Lubar Institute for the Study of the Abrahamic Religions, University of Wisconsin

Lubar InstituteThe Lubar Institute for the Study of the Abrahamic Religions (LISAR) opened in July, 2005, testimony to the vision and benefactions of Sheldon and Marianne Lubar of Milwaukee, Wisconsin. Concerned about rising religious tensions worldwide and believing Jews, Christians and Muslims to be capable of prolonged and honest inquiry into both their common heritages and varying perspectives, they imagined a center that would advance mutual comprehension by mingling scholars with the general public, clergy with laity, and members of different faith communities with citizens of Wisconsin, the United States, and the world. Through encouraging people belonging to and/or interested in the Abrahamic traditions to engage each other and to find out more about both these several traditions and their intersections, LISAR is dedicated to strengthening the values of religious pluralism so vital for sustaining American civil society and peaceful international discourse.

The Institute's mission emerges from the intimate yet often bitter connections that have existed historically among Jews, Christians, and Muslims:

  • The Abrahamic traditions share common origins and values.
  • Their histories and thought have been intertwined for some 1,300 years.
  • Relationships among their practitioners have varied from time and place but have often been characterized by mistrust and even hatred.
  • Much current popular as well as scholarly thinking considers them unalterably opposed to each other.
  • Scholarship has more often treated each tradition in isolation from or antagonistic to the other though in a comparative framework.
  • The ongoing legacy of misunderstanding and mistrust militates against peaceful intercourse among Jews, Christians, and Muslims.

These considerations ground the Institute's mission: to create better understanding of the Abrahamic traditions and their interrelationships by encouraging ongoing discussion of these traditions among scholars, members of those traditions, and the general public.


LISAR carries out its mission by running programs in two linked spheres, the academy and the community. The academic enterprise contributes to scholarship and provides intellectual scaffolding for the community-oriented activities, which invite individuals to meet with members of other traditions and which, in turn, inform scholars about emerging issues in the relationships among the Abrahamic traditions. The Institute's academic projects include hosting the annual LISAR conference, offering lectures, publishing scholarly work, supporting initiatives concerning the Abrahamic religions developed by other units on campus, and contributing to the teaching mission of the Religious Studies Program. Its community-oriented activities include on-campus projects such as the Undergraduate Forum and the Undergraduate Fellows, as well as off-campus works being developed under the auspices of the External Steering Committee, which is comprised of clerical and lay figures from around southern Wisconsin. This merging of academic and community-oriented activities exemplifies the Wisconsin Idea, articulated by University President Charles Van Hise a century ago, that the walls of the University extend to the boundaries of the state. In the twenty-first century, those walls reach even farther.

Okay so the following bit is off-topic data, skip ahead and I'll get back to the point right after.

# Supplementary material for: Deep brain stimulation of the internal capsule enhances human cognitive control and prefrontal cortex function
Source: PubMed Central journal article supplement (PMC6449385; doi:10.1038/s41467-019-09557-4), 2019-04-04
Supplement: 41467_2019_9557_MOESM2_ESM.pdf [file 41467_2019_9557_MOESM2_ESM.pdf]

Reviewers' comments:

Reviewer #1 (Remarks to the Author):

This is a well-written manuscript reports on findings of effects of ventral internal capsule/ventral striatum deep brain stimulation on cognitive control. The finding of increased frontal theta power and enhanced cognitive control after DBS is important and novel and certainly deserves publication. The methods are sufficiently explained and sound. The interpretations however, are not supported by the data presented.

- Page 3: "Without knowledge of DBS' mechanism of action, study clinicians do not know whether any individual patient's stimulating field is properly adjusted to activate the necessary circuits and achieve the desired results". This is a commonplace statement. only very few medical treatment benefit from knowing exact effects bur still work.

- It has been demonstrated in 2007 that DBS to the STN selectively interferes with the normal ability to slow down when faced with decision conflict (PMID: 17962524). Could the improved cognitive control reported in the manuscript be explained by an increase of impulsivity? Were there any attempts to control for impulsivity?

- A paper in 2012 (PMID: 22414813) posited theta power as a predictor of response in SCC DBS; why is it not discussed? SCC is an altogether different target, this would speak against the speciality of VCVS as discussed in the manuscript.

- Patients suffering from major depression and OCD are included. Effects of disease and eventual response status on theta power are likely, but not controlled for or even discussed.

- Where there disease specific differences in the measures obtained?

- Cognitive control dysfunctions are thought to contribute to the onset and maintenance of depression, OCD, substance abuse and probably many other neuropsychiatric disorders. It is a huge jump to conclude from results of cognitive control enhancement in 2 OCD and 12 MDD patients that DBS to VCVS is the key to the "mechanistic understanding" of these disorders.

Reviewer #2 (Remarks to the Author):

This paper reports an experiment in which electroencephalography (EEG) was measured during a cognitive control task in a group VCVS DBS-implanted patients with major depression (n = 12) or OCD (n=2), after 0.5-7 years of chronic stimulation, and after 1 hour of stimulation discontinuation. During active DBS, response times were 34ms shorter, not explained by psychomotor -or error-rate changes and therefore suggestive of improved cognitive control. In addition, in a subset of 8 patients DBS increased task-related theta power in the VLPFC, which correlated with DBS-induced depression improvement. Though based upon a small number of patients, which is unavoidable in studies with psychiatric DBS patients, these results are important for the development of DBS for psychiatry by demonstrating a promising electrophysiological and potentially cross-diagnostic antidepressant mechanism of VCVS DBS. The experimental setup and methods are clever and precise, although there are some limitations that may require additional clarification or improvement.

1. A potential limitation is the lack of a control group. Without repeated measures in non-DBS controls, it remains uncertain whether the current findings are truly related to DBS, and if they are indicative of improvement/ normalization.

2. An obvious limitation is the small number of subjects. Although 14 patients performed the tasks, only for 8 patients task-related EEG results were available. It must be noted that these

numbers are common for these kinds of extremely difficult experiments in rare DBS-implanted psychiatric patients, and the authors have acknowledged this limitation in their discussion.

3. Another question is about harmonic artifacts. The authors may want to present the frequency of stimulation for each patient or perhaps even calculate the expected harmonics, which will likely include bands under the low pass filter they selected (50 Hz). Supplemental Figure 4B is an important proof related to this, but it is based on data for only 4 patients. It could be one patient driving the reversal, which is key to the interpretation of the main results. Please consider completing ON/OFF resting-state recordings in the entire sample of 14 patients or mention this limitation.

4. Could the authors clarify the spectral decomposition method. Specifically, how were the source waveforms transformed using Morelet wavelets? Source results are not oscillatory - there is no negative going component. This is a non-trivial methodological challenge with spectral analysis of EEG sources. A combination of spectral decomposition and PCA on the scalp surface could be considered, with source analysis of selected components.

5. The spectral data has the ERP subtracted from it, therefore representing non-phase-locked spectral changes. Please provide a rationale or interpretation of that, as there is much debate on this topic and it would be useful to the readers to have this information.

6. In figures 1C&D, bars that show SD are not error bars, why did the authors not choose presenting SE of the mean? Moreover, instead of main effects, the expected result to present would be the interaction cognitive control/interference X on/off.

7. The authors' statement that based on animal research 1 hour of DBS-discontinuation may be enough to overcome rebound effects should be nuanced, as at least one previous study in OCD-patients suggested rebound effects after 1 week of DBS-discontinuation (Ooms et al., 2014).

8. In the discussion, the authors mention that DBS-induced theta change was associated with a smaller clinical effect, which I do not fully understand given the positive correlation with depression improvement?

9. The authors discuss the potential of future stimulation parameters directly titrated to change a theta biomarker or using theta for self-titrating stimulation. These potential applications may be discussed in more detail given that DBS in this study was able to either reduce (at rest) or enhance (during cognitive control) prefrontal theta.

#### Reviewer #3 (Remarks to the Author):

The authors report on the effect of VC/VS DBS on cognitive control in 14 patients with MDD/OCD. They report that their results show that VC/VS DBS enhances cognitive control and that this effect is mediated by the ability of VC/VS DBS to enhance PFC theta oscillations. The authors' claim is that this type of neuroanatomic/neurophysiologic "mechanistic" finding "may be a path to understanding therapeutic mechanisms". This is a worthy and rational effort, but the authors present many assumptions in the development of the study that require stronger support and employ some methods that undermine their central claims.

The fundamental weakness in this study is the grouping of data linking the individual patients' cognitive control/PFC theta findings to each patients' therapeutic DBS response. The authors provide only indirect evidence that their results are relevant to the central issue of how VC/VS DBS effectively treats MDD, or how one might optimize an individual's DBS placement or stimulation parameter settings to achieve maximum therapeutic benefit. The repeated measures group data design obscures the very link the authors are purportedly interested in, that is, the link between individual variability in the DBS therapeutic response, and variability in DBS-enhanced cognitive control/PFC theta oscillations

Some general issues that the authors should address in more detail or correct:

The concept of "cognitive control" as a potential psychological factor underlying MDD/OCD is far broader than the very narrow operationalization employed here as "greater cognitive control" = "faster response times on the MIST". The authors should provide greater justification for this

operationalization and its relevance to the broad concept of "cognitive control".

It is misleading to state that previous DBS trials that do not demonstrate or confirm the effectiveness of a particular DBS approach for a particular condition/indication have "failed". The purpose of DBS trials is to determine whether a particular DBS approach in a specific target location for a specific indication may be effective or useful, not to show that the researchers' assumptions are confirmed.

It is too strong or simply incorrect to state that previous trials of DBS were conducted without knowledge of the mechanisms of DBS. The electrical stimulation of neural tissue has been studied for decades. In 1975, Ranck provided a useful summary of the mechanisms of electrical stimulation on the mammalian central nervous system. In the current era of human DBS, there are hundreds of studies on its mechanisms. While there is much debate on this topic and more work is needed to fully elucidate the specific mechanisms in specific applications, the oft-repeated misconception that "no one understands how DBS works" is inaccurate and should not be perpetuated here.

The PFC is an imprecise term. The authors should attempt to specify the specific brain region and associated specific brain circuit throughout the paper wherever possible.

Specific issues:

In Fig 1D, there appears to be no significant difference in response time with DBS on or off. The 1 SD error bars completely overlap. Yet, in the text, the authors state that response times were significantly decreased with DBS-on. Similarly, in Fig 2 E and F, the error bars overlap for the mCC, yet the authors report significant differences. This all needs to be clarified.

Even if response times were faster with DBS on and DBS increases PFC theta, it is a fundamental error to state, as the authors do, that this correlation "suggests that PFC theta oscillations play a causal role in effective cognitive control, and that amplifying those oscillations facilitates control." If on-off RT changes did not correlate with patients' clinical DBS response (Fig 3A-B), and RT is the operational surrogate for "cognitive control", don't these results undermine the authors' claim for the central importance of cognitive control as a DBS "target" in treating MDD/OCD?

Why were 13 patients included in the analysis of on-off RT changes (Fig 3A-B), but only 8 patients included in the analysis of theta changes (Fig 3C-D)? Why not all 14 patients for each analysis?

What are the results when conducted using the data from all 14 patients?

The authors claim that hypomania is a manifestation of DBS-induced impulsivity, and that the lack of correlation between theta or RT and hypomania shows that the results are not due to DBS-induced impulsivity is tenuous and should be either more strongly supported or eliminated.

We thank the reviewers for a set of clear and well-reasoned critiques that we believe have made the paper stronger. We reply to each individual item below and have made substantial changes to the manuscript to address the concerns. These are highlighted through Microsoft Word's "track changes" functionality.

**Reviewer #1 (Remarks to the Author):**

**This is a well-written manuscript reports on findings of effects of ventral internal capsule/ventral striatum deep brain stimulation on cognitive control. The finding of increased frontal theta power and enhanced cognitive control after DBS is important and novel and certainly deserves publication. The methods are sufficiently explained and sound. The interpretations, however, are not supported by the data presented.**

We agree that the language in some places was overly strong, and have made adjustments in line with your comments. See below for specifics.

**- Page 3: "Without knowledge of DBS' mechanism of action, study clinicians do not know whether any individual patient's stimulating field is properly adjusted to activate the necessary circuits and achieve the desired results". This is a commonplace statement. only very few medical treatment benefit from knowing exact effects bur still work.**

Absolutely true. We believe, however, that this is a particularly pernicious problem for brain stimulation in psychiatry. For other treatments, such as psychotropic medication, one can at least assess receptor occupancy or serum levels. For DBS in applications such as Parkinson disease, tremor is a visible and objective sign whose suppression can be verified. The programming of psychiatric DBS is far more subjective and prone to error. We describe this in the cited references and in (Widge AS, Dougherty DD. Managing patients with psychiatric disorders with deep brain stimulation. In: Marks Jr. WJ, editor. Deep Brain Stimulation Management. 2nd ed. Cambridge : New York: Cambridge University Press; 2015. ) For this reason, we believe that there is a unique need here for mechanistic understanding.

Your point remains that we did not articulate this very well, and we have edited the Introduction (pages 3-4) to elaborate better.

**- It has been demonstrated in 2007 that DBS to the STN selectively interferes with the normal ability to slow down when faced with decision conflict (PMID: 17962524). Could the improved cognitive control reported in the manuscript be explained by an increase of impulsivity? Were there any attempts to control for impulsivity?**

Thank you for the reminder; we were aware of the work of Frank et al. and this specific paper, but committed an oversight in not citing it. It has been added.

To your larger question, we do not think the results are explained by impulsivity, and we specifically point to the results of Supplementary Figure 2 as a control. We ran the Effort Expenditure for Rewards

The Institute is a unit of the College of Letters & Science at the University of Wisconsin-Madison.

Program support comes principally from the Sheldon and Marianne Lubar Fund administered by the University of Wisconsin Foundation. LISAR has received an award from the Anonymous Fund of the College of Letters & Science, and it administers a grant from The Metanexus Institute, Local Societies Initiative (LSI) for the Isthmus Society, a collaborative project. Together with the Religious Studies Program, the Institute makes the University of Wisconsin-Madison an important site for learning about religion.

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